Prior to staring the project, we all [Laura Szymber, producer and Brian Kallies, editor] got together to discuss what Brad [DeMarea, writer/director] was looking for regarding the music and sound design. They had placed some temp music over some of the scenes to give me an idea of the style of music they wanted. It was what I like to call 1960s-era Latin/organ music. Basically, it''s a simple percussion bed with organ playing both the melody/harmony and bass parts. I composed a theme that I felt matched the quirkiness of the film, then recorded real percussion including bongos, guiro, clave, and shakers. Once I made a few small changes, I recorded a keyboard player playing the organ part and adding in the swells and Leslie effects that you hear in the final music. The organ patch we used is from the Roland VK-8M module. The music you hear in the last scene, which takes place in a bar, is something I had recorded about a year earlier that was never used.

Additionally, I cleaned up the dialog tracks, added some SFX/Foley elements and mixed the final version of the film. The film was shown at the 2009 [Los Angeles Film Festival]. It is still showing at festivals around the country.

How has the composing business changed since you started at Editel?
The biggest change has been the Internet. We now have a much bigger potential client base, but also much more competition. Before the Internet, things didn''t happen as fast and there was more face-to-face time with clients. We used to have more time to put demo tracks together, and they didn''t need to sound like finals in the demo stage. Now, if music doesn''t sound as close to a final, mixed and mastered version at the demo stage, clients aren''t going to be very impressed. With everything being literally instant today, a client can audition anything they want basically from anywhere at any time.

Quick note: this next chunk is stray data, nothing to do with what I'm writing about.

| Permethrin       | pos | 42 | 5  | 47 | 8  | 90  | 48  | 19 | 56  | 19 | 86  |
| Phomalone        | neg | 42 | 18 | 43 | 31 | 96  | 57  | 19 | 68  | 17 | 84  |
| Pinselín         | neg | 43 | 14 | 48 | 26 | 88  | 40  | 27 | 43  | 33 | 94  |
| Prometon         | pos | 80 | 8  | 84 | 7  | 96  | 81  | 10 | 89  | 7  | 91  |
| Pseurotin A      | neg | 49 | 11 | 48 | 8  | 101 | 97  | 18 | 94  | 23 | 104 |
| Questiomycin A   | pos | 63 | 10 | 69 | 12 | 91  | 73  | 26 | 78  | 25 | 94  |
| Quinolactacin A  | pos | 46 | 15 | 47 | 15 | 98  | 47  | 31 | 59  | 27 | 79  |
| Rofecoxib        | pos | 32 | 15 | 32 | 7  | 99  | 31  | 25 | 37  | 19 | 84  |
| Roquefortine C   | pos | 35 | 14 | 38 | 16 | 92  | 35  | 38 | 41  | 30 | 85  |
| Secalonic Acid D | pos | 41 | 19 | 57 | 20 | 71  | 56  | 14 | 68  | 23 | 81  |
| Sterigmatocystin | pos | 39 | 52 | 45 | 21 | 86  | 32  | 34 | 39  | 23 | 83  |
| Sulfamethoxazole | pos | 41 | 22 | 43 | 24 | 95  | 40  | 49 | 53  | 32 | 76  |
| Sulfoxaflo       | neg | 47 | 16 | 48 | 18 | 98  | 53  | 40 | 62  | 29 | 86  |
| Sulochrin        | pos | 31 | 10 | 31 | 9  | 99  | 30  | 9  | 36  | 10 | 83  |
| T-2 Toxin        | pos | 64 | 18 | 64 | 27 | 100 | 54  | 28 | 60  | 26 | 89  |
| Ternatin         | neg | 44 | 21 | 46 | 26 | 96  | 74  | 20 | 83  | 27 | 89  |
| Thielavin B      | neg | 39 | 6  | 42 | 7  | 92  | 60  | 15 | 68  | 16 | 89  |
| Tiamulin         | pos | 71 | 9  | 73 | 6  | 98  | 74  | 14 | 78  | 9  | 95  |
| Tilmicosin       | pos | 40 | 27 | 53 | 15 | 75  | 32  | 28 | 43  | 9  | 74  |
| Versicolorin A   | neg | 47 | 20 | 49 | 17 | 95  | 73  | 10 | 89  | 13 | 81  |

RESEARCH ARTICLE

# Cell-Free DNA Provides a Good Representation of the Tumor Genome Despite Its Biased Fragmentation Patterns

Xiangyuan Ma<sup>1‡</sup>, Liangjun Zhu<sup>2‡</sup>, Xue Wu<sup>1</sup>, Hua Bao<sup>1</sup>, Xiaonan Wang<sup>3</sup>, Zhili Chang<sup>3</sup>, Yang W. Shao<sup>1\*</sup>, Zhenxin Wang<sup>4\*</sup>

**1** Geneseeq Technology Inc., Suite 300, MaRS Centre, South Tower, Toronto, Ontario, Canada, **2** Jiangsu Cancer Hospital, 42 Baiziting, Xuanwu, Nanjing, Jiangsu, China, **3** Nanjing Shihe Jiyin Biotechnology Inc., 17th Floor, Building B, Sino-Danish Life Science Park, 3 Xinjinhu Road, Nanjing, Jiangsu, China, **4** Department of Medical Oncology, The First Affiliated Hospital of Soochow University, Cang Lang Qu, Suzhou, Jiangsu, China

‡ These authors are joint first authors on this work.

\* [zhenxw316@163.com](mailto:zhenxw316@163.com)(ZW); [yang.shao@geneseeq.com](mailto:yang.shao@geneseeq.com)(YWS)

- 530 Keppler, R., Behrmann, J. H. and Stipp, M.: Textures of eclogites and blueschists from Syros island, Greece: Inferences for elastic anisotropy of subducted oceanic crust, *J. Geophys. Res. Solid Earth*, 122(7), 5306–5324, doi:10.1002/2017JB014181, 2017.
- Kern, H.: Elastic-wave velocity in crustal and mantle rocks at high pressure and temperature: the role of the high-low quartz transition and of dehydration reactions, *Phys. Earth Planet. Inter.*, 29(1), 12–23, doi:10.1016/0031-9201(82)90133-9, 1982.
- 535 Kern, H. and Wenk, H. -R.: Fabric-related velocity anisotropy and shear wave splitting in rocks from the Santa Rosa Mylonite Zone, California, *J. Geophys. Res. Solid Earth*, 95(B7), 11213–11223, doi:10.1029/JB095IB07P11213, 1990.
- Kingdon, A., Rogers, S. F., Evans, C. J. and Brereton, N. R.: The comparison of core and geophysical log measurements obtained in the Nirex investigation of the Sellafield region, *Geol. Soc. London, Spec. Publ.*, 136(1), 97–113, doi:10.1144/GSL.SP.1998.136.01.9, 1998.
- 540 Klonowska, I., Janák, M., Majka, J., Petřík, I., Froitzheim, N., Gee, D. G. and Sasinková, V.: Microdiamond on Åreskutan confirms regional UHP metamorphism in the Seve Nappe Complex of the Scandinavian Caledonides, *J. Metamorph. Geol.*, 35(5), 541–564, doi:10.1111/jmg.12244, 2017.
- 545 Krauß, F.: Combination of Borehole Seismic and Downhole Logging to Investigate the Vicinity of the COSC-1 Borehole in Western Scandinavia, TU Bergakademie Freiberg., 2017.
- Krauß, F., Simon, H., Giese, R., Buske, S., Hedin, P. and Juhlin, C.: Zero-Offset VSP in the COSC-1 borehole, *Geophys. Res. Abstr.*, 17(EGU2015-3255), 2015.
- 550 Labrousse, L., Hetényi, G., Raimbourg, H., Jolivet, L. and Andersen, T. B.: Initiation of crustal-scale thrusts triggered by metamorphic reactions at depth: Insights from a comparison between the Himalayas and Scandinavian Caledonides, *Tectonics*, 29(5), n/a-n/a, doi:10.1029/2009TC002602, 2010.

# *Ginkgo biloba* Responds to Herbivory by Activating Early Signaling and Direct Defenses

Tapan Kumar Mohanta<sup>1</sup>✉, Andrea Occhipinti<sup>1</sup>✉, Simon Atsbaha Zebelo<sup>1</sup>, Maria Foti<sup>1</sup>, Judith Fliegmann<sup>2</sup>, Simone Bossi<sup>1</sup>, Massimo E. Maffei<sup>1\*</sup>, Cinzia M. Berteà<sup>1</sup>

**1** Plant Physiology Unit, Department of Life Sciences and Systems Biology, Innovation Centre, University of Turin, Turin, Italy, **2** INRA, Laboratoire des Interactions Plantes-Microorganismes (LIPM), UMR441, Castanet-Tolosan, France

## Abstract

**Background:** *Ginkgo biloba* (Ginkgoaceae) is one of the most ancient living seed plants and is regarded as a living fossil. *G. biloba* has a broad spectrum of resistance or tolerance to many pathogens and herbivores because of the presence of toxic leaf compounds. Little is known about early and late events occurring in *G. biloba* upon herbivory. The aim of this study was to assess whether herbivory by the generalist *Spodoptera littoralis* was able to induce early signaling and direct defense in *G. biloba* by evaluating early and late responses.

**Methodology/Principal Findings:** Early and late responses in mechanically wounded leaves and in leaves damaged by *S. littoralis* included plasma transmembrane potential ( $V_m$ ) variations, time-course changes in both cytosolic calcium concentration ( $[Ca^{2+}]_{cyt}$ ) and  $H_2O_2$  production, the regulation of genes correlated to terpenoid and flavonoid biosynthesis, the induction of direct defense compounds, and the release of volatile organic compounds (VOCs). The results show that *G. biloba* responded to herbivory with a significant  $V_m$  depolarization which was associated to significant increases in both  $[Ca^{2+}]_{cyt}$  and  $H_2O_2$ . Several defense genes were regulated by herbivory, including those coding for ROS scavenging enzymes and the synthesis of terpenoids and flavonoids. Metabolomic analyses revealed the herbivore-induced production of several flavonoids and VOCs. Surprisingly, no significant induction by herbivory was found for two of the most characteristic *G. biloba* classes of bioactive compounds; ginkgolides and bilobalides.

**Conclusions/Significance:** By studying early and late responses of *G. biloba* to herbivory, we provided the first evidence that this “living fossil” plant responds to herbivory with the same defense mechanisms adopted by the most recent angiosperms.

The ability to access music quickly translates to us as composers when the client says, “I need it to sound like this by tomorrow.” Sometimes the temp music is simple and an original track can be produced very quickly. Other times, the temp track is very complex and most likely took months to produce, but we have to create something similar in a day with ever-shrinking budgets. This has become the norm in the industry. We as composers need to be able to produce many different styles of music quickly and for less money. This means that we not only need to be great composers, but also accomplished musicians, engineers, and sound designers. At the end of the day, the more we can do ourselves, the more money stays in our pocket.

Technology has really allowed this to happen. Today you can produce just about any style of music with a computer and a few microphones, but that doesn''t mean anyone with these tools can produce a high-quality product—that takes years of experience.